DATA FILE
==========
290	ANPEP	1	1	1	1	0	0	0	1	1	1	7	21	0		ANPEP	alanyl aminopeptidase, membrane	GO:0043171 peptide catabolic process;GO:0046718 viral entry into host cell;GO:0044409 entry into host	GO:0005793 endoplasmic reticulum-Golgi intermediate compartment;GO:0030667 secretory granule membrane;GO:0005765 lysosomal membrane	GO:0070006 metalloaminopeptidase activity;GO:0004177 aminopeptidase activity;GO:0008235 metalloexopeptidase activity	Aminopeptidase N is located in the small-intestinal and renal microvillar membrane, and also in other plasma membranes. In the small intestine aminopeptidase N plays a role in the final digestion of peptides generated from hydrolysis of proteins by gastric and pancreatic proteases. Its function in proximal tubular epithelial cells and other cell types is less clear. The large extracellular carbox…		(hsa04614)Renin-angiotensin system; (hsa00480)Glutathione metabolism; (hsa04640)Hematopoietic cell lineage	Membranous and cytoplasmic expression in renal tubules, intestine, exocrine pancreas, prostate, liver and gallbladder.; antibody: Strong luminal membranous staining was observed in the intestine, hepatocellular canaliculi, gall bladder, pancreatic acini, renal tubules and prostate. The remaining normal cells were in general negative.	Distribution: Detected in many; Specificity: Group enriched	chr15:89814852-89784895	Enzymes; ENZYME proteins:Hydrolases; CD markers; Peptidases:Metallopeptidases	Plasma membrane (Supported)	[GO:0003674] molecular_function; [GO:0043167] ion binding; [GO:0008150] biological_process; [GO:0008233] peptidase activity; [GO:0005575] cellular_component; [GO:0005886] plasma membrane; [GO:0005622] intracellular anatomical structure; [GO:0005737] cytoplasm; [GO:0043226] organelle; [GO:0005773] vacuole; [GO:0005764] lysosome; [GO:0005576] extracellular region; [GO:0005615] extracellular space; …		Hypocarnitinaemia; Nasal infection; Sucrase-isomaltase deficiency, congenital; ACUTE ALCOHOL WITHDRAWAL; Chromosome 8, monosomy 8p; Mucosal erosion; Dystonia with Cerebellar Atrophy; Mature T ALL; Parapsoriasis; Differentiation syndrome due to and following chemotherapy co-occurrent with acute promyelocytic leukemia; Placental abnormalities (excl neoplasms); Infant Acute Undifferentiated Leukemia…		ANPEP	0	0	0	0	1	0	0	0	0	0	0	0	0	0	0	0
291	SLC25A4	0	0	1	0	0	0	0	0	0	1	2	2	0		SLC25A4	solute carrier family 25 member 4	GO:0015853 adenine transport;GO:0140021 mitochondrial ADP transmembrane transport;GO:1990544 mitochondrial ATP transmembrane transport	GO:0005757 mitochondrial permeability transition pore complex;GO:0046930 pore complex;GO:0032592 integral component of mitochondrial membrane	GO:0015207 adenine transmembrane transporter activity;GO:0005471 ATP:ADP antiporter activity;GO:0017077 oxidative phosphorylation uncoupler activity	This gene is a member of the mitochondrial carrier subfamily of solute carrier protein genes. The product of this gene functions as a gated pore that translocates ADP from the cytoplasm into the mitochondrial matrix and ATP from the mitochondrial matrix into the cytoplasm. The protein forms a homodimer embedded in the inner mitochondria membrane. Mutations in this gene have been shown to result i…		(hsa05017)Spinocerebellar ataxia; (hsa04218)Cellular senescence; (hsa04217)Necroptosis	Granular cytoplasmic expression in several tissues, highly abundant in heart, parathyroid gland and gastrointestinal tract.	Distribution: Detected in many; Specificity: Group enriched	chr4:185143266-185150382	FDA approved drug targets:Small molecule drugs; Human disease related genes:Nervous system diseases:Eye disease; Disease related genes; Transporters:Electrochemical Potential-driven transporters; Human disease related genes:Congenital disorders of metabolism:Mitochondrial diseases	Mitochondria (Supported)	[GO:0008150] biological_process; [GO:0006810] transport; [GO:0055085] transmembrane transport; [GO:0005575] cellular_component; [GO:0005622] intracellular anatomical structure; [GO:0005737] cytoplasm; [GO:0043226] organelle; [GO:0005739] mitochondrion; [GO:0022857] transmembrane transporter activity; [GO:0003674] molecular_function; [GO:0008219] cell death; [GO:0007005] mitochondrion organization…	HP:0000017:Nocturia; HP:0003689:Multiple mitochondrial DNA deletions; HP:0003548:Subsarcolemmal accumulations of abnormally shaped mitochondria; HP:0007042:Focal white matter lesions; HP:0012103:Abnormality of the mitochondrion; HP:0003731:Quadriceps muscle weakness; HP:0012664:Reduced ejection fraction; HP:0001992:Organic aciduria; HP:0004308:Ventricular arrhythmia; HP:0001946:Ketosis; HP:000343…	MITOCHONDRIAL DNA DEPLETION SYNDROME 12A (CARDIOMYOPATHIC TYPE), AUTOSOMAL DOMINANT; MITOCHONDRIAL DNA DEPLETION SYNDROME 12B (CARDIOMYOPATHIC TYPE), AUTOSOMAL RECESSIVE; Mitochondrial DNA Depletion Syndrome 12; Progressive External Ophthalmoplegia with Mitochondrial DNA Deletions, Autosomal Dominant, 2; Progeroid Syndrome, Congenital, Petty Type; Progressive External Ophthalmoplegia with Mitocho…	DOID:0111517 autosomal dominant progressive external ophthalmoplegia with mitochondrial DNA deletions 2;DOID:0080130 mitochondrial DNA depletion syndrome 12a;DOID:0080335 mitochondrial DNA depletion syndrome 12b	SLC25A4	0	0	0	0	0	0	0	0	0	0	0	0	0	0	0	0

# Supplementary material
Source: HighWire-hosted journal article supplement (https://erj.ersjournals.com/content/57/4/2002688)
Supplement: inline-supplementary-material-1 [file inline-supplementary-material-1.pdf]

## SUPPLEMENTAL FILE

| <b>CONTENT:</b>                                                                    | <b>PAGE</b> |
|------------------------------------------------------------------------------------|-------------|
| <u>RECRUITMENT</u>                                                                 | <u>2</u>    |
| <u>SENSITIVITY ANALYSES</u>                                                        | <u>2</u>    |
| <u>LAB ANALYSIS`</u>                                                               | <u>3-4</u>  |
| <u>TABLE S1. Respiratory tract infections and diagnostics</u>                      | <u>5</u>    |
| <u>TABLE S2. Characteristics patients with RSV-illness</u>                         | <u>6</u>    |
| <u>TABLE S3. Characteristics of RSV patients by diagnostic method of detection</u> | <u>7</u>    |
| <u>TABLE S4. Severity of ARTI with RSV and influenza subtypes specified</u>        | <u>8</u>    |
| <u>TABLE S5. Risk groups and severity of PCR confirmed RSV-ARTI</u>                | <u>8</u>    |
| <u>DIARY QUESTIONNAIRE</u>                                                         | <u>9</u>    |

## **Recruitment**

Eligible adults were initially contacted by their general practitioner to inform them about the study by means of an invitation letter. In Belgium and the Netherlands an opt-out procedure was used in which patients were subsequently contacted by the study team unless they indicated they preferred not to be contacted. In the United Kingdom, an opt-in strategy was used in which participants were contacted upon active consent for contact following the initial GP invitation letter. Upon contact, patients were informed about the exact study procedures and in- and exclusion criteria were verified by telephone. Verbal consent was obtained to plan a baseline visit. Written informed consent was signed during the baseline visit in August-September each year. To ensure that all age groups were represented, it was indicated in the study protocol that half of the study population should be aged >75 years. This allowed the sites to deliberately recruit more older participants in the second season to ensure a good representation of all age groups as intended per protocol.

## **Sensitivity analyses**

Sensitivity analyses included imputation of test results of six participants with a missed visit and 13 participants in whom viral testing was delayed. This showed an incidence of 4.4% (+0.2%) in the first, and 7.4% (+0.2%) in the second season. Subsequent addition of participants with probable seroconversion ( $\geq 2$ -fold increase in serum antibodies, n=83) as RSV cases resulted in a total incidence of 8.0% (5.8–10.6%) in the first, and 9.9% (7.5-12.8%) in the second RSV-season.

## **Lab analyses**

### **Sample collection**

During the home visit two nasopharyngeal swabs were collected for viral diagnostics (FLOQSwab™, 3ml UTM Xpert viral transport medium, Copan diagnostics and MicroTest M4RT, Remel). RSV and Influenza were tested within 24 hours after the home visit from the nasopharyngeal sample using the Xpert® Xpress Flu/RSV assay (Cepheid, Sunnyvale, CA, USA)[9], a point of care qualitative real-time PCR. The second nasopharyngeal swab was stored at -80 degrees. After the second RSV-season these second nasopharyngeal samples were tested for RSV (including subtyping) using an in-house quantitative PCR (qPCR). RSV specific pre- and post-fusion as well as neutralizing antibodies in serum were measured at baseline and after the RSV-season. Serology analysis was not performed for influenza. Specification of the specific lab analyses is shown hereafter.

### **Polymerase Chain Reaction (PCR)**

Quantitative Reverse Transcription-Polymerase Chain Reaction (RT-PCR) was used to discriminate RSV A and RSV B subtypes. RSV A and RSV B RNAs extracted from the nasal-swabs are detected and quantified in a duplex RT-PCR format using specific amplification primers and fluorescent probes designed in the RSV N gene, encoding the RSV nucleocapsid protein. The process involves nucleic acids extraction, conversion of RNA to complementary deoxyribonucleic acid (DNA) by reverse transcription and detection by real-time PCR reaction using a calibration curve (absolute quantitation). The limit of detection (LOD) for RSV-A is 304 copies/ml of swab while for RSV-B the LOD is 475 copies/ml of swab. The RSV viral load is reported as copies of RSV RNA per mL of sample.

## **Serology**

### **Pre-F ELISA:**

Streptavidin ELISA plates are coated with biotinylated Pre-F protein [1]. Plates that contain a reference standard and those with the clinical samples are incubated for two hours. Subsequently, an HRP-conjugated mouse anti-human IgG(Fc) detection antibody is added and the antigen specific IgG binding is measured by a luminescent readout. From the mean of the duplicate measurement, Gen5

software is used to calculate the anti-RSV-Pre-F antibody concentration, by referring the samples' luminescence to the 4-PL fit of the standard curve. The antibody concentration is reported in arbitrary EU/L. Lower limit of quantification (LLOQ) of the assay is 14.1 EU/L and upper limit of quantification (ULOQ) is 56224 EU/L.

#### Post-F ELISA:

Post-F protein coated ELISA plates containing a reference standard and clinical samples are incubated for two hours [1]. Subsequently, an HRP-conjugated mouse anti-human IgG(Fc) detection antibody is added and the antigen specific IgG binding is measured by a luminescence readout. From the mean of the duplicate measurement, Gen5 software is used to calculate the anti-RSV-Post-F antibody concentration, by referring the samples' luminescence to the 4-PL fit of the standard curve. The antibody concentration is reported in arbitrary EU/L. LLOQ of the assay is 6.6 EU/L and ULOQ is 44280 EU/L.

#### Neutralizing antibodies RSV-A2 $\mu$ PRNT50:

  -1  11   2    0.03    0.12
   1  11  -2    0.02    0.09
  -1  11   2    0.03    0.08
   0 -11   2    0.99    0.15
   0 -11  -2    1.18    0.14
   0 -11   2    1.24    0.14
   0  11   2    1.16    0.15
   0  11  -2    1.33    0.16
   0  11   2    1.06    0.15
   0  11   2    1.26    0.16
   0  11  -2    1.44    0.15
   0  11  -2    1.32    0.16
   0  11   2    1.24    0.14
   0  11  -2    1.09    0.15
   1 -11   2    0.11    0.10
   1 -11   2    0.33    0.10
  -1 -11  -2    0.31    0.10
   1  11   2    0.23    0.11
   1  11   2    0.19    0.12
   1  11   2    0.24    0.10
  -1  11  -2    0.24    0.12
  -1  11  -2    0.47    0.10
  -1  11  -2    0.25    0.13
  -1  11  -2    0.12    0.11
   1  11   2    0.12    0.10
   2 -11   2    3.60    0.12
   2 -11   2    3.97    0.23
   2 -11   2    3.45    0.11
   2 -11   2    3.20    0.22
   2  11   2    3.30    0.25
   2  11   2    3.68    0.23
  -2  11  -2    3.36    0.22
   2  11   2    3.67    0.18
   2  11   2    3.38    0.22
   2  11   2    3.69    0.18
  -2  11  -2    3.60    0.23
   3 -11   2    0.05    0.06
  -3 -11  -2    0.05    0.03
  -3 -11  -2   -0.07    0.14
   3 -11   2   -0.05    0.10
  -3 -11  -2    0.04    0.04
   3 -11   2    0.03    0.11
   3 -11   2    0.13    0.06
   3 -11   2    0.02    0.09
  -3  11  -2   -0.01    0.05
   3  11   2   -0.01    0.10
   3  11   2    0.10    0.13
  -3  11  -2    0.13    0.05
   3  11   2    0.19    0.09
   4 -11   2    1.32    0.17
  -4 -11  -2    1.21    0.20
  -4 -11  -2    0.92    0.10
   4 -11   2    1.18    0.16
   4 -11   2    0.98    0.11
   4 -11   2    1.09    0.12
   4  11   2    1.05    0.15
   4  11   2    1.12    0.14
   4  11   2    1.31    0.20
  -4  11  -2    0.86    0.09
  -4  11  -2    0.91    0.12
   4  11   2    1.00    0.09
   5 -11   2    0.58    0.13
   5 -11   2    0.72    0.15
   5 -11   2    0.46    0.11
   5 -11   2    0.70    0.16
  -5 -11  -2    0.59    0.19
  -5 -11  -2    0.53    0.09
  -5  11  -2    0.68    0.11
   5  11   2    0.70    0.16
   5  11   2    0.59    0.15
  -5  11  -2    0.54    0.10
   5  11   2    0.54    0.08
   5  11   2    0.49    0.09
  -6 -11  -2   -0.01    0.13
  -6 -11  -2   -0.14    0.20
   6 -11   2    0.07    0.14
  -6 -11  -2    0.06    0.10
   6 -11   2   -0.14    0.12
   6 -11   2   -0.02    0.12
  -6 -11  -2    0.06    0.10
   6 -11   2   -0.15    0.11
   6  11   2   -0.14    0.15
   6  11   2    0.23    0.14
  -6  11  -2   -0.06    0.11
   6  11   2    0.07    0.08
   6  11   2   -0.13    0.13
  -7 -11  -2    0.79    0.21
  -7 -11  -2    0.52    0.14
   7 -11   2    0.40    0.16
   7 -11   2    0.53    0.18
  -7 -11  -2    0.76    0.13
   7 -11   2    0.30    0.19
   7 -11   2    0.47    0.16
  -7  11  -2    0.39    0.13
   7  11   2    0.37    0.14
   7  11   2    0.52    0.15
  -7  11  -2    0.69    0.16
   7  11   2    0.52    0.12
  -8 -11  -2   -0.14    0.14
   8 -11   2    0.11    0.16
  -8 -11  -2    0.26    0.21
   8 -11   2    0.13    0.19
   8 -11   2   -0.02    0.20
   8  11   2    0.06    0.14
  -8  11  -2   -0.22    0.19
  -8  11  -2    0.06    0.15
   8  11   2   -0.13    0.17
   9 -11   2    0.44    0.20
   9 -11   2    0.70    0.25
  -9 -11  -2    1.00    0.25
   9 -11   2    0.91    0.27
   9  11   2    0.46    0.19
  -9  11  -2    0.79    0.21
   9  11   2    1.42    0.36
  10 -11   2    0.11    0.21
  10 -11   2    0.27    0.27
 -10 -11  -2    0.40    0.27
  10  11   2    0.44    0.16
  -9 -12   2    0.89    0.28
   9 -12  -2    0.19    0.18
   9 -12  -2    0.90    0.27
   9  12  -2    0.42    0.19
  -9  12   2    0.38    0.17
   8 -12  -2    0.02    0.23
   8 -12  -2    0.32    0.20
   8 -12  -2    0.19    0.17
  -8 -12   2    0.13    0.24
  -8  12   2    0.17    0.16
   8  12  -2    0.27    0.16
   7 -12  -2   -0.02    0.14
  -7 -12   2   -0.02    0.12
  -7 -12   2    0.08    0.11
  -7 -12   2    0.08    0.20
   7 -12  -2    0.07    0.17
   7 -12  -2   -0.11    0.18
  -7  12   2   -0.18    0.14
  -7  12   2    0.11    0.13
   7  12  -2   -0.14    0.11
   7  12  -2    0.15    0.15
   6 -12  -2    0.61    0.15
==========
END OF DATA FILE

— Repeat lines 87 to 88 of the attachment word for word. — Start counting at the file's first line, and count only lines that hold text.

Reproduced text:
   4 -11   2    0.98    0.11
   4 -11   2    1.09    0.12